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Kane Manor Inn (Kane House, “Anoatok”)

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Kane House, “Anoatok”
1896–1897, Cope and Stewardson. 230 Clay St.

This large Georgian Revival mansion would be a sophisticated addition to any urban area, but in a town the size of Kane, it is monumental. Built for Thomas Kane's family after his death, the house replaced the earlier home lost to a fire in 1896. Katherine D. Kane, Thomas's mother, commissioned the Philadelphia firm of Cope and Stewardson to design the house. Katherine Kane's nephew-in-law, Walter Cope of the Cope and Stewardson firm, designed a home large enough for her extended family, with a medical office for Katherine's daughter-in-law, Dr. Elizabeth Kane. Cope designed a commodious buff brick dwelling with a two-and-one-half-story hipped-roof central portion joined to a smaller hipped-roof pavilion to the south. On the north, a rounded two-story, Ionic-columned porch shows its elegant face to the surrounding forest. A smaller one-story porch on the east elevation has been enclosed. The house sits on 10 acres and is adjacent to another 240 that offer four miles of hiking trails. The house was named “Anoatok,” an Eskimo word meaning “wind-loved spot” that honored Katherine's other son, Elisha Kent Kane, an Arctic explorer in the 1850s. The ten bedrooms and large basement space now accommodate a bed-and-breakfast.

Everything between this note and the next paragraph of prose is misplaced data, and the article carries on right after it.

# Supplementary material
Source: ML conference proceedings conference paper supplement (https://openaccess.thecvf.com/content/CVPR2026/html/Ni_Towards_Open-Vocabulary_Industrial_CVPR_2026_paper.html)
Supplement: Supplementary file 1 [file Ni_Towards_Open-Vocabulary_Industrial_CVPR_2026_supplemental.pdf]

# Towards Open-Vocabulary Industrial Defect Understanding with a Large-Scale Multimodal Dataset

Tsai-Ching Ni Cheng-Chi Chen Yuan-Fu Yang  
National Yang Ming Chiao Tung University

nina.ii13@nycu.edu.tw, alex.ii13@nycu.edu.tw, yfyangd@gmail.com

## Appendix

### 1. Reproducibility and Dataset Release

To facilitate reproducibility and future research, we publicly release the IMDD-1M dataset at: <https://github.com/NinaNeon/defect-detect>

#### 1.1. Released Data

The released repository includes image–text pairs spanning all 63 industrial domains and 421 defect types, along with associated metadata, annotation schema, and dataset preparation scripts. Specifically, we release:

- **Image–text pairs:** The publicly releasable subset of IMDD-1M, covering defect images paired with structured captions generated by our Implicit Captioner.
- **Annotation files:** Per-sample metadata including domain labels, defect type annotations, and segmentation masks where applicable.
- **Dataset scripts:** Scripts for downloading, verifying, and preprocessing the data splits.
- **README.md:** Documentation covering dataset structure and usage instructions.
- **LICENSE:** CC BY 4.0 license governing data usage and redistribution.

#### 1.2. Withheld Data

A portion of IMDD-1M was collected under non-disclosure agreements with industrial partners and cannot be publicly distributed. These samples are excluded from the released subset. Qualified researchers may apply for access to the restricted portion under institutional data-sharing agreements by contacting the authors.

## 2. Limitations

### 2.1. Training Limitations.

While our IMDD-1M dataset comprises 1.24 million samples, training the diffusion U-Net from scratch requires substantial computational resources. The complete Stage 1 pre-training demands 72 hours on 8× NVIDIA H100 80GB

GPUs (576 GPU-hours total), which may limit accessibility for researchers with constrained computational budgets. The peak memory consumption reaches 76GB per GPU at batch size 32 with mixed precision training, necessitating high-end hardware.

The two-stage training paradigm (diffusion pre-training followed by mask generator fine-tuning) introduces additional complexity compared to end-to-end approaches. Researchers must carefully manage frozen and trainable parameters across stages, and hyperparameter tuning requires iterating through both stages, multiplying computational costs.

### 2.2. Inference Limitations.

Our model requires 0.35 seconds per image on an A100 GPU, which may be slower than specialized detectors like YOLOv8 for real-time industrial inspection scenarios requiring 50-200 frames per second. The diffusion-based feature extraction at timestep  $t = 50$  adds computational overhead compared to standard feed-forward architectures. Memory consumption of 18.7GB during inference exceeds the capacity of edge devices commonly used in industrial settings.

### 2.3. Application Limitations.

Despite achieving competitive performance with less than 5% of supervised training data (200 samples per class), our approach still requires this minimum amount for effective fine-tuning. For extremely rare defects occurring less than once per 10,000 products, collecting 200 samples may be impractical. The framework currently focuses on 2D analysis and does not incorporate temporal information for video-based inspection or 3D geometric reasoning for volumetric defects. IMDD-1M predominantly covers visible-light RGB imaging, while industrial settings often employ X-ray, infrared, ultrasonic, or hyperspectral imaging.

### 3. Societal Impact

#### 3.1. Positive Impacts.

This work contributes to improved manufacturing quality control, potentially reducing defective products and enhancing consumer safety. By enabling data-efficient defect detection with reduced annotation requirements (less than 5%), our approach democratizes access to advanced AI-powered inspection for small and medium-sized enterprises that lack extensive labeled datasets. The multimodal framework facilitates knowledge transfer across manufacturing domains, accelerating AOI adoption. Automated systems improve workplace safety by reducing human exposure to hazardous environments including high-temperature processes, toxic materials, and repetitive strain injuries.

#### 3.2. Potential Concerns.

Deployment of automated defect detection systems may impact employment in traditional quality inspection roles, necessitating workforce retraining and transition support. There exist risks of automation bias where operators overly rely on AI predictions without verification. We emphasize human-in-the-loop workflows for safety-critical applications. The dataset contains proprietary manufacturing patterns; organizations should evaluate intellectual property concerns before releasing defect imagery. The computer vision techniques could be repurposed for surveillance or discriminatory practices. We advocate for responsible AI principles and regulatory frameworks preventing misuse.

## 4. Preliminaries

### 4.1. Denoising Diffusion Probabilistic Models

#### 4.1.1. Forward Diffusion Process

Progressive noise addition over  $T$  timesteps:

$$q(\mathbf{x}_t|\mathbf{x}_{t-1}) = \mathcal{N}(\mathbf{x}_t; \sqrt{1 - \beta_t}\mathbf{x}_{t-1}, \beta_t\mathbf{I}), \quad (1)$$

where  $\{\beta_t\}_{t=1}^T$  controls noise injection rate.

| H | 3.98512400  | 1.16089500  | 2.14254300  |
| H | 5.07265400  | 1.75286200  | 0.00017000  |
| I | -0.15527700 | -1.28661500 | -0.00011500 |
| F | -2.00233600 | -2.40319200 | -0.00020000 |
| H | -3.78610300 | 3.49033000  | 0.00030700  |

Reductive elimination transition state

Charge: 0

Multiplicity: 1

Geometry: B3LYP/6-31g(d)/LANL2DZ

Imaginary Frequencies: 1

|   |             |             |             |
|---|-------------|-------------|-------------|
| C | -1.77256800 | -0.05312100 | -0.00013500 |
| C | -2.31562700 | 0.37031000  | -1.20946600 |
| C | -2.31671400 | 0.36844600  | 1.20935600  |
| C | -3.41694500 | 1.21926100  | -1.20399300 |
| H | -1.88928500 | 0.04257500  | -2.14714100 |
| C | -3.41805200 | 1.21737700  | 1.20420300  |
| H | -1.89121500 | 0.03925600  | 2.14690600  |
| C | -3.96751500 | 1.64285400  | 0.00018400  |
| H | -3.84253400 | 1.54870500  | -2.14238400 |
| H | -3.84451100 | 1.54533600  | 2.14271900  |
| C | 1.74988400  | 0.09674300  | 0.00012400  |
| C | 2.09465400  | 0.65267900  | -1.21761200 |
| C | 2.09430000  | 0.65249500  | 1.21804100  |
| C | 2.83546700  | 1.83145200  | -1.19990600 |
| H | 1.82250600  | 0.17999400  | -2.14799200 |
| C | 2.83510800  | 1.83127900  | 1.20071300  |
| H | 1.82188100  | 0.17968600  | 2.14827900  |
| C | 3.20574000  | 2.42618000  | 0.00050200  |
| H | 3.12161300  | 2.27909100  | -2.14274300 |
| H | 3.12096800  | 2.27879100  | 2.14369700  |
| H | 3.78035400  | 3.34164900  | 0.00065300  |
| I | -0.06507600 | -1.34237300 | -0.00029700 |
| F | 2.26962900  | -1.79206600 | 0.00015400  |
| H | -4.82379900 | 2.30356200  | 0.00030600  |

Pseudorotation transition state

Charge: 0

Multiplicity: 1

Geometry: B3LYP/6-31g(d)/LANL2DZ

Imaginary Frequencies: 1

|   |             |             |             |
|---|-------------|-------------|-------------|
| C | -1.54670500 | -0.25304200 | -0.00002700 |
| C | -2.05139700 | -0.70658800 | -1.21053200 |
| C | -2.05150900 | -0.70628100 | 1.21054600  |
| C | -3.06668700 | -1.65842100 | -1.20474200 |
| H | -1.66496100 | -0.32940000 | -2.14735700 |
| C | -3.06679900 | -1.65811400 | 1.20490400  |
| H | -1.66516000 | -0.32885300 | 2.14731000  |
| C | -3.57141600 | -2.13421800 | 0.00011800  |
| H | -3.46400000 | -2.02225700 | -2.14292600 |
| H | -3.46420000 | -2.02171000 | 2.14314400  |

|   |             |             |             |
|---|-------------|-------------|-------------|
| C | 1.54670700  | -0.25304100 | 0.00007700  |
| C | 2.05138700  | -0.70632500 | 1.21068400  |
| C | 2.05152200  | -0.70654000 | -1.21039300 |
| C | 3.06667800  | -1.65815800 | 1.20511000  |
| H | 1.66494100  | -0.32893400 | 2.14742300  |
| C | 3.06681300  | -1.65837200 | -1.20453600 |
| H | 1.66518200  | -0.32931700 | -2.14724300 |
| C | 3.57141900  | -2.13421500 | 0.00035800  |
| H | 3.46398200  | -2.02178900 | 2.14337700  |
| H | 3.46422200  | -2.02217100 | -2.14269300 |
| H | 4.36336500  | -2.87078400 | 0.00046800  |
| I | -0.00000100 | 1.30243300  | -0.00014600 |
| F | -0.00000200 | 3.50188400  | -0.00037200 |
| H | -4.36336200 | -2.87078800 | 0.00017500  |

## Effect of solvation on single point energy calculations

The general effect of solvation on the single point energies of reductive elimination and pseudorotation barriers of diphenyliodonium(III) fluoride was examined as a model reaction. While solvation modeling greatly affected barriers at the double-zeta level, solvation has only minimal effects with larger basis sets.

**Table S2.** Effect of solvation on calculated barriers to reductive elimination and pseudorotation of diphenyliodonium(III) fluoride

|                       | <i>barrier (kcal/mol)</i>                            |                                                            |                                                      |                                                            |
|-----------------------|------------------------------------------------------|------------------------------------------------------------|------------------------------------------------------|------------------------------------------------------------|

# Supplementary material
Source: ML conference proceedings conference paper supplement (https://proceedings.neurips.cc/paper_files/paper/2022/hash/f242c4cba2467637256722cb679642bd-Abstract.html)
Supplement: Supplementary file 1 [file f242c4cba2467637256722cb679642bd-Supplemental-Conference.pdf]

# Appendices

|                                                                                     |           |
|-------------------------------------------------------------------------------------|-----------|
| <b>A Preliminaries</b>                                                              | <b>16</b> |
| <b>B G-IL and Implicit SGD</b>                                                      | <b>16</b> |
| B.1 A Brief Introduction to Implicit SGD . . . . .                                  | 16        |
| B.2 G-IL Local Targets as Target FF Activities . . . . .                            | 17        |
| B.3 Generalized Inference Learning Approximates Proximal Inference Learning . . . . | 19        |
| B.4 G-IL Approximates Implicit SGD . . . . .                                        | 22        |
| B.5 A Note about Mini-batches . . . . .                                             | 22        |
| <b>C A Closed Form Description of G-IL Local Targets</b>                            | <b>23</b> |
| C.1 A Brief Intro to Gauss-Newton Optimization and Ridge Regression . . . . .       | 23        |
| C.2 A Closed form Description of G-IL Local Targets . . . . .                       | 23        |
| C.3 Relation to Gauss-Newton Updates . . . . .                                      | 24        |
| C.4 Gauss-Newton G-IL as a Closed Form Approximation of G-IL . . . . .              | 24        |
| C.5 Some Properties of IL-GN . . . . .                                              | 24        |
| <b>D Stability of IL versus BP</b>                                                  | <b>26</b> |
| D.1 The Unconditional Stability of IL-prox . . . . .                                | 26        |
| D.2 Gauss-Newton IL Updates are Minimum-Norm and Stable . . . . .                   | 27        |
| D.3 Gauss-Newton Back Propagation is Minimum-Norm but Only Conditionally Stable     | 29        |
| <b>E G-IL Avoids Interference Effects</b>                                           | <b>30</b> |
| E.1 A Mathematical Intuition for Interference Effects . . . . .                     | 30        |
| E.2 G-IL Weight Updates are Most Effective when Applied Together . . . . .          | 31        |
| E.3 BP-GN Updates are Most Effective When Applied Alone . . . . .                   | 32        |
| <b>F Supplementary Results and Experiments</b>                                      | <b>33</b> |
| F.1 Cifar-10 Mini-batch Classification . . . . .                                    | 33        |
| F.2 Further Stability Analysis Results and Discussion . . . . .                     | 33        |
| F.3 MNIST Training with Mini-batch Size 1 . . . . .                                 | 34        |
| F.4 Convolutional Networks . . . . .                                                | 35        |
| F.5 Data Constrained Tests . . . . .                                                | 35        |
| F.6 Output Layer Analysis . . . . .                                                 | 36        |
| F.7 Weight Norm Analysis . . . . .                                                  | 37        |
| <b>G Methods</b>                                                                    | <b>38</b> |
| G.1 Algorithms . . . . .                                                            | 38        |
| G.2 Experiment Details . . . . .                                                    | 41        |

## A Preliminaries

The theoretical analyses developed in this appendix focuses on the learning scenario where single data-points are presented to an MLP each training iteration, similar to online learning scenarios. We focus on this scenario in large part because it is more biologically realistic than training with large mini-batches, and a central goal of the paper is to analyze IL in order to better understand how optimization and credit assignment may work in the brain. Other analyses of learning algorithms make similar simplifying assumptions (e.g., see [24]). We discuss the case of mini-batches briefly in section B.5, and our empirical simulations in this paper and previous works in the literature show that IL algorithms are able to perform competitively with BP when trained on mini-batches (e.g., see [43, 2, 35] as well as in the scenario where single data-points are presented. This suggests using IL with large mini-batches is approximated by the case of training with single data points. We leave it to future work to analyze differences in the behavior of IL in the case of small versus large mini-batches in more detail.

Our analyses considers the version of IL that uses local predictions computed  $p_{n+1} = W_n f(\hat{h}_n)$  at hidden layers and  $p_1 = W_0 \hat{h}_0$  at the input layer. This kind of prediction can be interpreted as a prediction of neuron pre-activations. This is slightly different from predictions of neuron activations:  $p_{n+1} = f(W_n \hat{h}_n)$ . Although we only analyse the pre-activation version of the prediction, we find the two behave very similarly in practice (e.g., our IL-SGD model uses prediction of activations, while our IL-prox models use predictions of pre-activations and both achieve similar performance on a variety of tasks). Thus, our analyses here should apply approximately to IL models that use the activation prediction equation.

Writing Credits

Lu Donnelly et al.


What's Nearby


Lu Donnelly et al., "Kane Manor Inn (Kane House, “Anoatok”)", [Kane, Pennsylvania], SAH Archipedia, eds. Gabrielle Esperdy and Karen Kingsley, Charlottesville: UVaP, 2012—,

Print Source

Cover: Buildings of PA vol 1

Buildings of Pennsylvania: Pittsburgh and Western Pennsylvania, Lu Donnelly, H. David Brumble IV, and Franklin Toker. Charlottesville: University of Virginia Press, 2010, 420-421.

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